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Visiting “Les Grandes Personnes” at the Villa Mais d’Ici in Aubervilliers

April 28, 2022
bradspurgeon

Les Grandes Personnes Close Up

Les Grandes Personnes Close Up

AUBERVILLIERS – I continue to be surprised by all of the cool cultural institutions, workshops and artistic spaces that I am discovering in Aubervilliers, a suburb of Paris, where TAC Teatro has been performing its latest show this season. A couple of days ago, TAC – well, Ornella and I – visited the Villa Mais d’Ici arts community to meet Les Grandes Personnes. “The Big People,” who were in rehearsal, are a troupe of really big puppets and puppet makers that was founded in 1998 and is one of the many artistic residents of the Villa Mais d’Ici.

Where to start?!?! I think the photos and short videos I took will tell the story best on this one. But I do want to say that I felt for a moment as if I was in Budapest at the Szimpla Kert, and yet here, at the Villa Mais d’Ici, founded in 2003, there was a much, much bigger range of artistic endeavors. From the puppets to an office of architects to theater performers to a guitar luthier, it seemed that anything goes at the Villa Mais d’Ici. (Which, by the way, is clearly a play on words for the Villa Medicis.)

Les Grandes Personnes in action in Aubervilliers.

As I looked into the eyes of several of these fabulous puppet figures – which have now not only toured the world but also spawned imitators around the world – I felt like I was looking in the eyes of my own ventriloquial figure, Peter McCabe! But where I feel safe arguing with Peter, no way I would get in a fight with one of these behemoths!

Ornella and I were wonderfully received by the director Pauline de Coulhac, who is also an actress who works with masks, and who over lunch told us about how the concept has grown over the years, “When we started out,” she said, “we were considered nothing but carnival performers. I am proud of that, but it is interesting that it all grew into us now being seen as street artists. And we are!”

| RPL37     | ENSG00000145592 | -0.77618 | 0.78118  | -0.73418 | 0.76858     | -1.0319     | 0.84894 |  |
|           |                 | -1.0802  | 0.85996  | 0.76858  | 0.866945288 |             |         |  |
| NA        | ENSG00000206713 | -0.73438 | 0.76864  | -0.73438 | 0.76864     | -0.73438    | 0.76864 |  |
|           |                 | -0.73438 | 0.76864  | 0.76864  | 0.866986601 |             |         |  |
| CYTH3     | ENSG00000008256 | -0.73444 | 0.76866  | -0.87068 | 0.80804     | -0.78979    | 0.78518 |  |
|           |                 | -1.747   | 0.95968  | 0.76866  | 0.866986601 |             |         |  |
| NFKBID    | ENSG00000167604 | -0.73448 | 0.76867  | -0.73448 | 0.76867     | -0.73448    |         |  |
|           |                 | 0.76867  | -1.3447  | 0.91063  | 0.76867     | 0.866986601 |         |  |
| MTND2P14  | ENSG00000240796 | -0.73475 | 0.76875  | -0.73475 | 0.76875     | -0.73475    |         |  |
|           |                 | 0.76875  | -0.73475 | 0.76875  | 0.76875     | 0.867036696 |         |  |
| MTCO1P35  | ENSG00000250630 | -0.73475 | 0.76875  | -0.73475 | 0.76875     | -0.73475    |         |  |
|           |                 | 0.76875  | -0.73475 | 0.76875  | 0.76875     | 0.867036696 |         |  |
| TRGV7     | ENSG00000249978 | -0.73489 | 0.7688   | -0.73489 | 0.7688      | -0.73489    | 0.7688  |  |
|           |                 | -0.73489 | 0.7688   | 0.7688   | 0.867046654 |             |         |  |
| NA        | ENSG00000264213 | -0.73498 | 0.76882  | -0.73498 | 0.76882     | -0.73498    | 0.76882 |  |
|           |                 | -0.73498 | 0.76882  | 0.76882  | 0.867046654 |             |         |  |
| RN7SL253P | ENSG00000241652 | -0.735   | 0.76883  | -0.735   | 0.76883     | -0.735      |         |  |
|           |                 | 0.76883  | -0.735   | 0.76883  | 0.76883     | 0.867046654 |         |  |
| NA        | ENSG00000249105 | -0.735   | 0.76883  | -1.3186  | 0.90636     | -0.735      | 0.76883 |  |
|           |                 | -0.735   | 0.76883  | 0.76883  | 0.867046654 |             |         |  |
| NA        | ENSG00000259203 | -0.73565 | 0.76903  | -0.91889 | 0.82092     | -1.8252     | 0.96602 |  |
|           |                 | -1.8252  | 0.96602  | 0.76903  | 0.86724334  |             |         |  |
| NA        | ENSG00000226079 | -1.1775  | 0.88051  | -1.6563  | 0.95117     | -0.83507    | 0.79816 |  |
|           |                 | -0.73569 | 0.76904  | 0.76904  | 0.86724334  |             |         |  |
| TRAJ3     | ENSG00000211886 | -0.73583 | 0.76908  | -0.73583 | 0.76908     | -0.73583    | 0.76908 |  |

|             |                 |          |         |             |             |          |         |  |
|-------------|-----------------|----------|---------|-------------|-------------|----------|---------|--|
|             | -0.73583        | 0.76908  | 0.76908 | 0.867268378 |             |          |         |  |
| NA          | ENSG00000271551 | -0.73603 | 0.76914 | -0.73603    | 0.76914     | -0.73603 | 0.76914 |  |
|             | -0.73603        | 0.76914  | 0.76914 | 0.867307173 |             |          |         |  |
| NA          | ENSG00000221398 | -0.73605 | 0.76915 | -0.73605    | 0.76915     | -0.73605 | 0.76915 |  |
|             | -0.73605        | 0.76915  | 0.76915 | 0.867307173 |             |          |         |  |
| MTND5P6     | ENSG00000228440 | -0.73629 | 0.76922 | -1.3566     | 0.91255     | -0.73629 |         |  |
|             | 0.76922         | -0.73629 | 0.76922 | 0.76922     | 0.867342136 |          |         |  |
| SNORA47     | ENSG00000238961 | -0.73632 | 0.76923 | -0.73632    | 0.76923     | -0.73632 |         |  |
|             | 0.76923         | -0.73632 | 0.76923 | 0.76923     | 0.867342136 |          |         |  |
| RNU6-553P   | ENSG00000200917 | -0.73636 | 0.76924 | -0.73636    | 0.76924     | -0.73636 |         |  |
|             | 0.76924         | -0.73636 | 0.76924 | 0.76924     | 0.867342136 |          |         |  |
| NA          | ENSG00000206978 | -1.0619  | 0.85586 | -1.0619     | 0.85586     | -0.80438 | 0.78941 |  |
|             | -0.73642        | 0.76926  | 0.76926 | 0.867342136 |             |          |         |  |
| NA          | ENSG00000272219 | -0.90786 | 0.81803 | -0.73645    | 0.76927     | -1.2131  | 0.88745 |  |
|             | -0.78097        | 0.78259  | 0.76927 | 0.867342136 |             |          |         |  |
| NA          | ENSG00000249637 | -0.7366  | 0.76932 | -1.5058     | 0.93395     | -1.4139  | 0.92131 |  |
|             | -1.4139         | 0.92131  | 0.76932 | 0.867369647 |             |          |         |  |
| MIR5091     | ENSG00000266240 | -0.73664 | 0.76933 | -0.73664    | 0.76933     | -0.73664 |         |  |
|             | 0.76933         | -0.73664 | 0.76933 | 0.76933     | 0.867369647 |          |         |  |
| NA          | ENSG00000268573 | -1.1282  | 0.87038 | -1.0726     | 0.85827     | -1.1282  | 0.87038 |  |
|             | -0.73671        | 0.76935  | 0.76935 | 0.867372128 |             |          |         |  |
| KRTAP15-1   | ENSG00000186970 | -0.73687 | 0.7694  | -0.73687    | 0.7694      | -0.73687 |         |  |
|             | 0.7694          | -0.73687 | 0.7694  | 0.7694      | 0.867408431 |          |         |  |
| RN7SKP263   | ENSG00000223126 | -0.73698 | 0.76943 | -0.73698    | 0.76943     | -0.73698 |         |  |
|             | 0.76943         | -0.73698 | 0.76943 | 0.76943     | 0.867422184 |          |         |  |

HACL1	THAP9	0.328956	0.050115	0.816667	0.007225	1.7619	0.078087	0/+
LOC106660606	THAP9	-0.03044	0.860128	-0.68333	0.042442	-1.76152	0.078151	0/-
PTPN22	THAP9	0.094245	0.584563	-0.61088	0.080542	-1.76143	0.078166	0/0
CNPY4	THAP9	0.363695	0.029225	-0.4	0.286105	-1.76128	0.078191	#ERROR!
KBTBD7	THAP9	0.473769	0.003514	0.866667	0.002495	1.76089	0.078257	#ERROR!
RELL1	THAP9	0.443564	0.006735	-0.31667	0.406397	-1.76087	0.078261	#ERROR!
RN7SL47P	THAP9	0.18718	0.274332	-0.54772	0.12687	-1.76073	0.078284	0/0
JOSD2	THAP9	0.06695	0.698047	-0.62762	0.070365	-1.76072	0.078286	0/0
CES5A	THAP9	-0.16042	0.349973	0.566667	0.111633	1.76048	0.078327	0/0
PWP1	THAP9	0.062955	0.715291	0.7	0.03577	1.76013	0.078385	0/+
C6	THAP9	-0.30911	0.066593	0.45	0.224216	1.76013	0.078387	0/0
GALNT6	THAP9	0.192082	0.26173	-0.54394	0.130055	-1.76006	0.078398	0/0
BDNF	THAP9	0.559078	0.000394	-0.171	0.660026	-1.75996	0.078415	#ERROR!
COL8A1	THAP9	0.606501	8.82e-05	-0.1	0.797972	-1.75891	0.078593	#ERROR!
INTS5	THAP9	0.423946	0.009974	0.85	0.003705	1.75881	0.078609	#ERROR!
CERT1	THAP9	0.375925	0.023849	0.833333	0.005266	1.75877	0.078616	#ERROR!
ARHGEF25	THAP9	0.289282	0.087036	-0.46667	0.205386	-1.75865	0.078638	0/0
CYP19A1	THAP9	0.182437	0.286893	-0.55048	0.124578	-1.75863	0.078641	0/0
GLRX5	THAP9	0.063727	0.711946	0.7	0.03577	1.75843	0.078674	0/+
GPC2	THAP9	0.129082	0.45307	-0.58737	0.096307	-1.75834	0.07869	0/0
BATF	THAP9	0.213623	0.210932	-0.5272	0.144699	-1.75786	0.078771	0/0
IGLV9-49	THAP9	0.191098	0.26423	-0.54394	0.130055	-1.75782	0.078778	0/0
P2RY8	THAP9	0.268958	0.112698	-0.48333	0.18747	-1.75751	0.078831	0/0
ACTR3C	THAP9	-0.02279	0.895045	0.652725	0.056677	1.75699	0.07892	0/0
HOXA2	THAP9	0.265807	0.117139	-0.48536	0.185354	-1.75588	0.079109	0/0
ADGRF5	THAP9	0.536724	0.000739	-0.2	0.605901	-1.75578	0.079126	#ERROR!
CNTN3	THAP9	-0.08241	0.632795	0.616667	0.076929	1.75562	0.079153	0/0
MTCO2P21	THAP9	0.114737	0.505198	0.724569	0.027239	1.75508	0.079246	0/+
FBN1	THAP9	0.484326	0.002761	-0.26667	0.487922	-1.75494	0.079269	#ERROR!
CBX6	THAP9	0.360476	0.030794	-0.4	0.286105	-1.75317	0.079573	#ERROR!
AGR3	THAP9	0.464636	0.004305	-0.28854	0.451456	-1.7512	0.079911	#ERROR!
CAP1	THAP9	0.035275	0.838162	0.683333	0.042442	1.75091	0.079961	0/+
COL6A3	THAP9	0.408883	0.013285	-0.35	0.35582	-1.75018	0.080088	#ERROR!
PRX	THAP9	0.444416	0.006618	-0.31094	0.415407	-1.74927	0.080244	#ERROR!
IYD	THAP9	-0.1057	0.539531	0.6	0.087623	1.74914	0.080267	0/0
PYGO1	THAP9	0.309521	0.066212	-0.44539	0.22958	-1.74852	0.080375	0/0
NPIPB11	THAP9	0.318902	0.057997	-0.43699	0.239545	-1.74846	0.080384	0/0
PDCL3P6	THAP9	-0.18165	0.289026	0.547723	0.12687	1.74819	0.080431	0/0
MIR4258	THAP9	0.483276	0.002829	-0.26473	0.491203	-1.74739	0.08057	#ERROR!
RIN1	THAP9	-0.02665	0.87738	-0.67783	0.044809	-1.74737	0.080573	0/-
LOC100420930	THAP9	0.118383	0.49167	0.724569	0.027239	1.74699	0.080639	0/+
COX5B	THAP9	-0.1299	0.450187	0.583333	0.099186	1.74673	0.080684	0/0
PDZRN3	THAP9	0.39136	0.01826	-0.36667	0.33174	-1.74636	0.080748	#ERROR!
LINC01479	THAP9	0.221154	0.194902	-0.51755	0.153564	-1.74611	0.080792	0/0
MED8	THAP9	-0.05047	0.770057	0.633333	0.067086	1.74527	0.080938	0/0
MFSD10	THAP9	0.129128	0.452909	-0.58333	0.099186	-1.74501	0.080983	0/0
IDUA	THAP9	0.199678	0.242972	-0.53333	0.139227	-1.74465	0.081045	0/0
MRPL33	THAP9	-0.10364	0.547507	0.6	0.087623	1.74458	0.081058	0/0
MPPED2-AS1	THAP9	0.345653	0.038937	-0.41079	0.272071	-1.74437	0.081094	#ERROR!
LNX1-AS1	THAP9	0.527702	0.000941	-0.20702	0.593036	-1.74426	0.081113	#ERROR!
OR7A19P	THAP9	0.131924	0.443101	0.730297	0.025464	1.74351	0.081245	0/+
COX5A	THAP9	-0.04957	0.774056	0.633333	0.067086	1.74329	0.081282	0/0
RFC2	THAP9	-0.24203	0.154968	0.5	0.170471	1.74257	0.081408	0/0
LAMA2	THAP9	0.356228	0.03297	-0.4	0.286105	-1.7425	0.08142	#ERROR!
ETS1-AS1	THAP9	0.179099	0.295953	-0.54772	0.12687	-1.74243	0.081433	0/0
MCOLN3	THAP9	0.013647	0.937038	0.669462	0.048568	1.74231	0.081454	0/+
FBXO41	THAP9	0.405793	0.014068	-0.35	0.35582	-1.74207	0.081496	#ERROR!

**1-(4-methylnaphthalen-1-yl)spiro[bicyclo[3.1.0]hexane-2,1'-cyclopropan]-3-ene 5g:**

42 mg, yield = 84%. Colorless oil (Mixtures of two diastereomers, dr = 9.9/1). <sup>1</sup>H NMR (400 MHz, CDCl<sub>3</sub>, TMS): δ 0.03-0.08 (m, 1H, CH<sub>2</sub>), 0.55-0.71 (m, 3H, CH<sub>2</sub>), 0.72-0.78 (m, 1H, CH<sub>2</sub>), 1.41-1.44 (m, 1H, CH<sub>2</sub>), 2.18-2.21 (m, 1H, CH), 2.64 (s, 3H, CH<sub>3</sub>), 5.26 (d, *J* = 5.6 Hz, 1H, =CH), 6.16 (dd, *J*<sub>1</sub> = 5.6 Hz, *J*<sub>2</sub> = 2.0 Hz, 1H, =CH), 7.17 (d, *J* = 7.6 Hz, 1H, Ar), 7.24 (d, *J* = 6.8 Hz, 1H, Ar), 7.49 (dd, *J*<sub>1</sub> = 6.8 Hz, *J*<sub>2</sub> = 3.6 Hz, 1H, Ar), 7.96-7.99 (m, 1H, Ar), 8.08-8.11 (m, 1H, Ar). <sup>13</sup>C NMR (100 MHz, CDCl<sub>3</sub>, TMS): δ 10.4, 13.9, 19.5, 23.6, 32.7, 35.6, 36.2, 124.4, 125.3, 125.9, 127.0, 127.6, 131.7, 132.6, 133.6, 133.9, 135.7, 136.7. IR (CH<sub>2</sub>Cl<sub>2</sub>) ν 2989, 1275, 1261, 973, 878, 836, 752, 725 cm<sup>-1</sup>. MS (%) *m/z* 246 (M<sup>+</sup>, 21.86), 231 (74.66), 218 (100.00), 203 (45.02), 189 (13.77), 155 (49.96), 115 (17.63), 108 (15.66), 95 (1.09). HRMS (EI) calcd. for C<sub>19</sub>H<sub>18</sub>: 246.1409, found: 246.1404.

A bit of a look around the Villa Mais d’Ici with Les Grandes Personnes.

I learned that my feeling of looking in the face and eyes of my own Peter McCabe was not based on nothing: These heads are also made from papier maché. The mechanisms that provide their underlying structure, however, are made by Maurizio Moretti, a mechanical engineer (static equipment and package engineer), who suddenly got bit by the bug of building puppets!

Ornella Bonventre of TAC Teatro with one of the Grandes Personnes.

Ornella Bonventre of TAC Teatro with one of the Grandes Personnes.

Ornella Bonventre, Peter McCabe and Brad Spurgeon

Ornella Bonventre, Peter McCabe and Brad Spurgeon

I took a brief side trip into the atelier of the luthier, Adrien Collet, who it turns out shares dozens of friends with me on Facebook, and since I lost my last luthier who moved to the south of France, I will now know where to go to fix my almost chronically ill Seagull S6.

Les Grandes Personnes

Les Grandes Personnes

But it will also be an excuse to return to see the Grandes Personnes and explore the rest of this artistic community!

“Ajamola” Returns to the Stage With a More Powerful Message Than Ever

March 30, 2022
bradspurgeon

Ajamola poster

Ajamola poster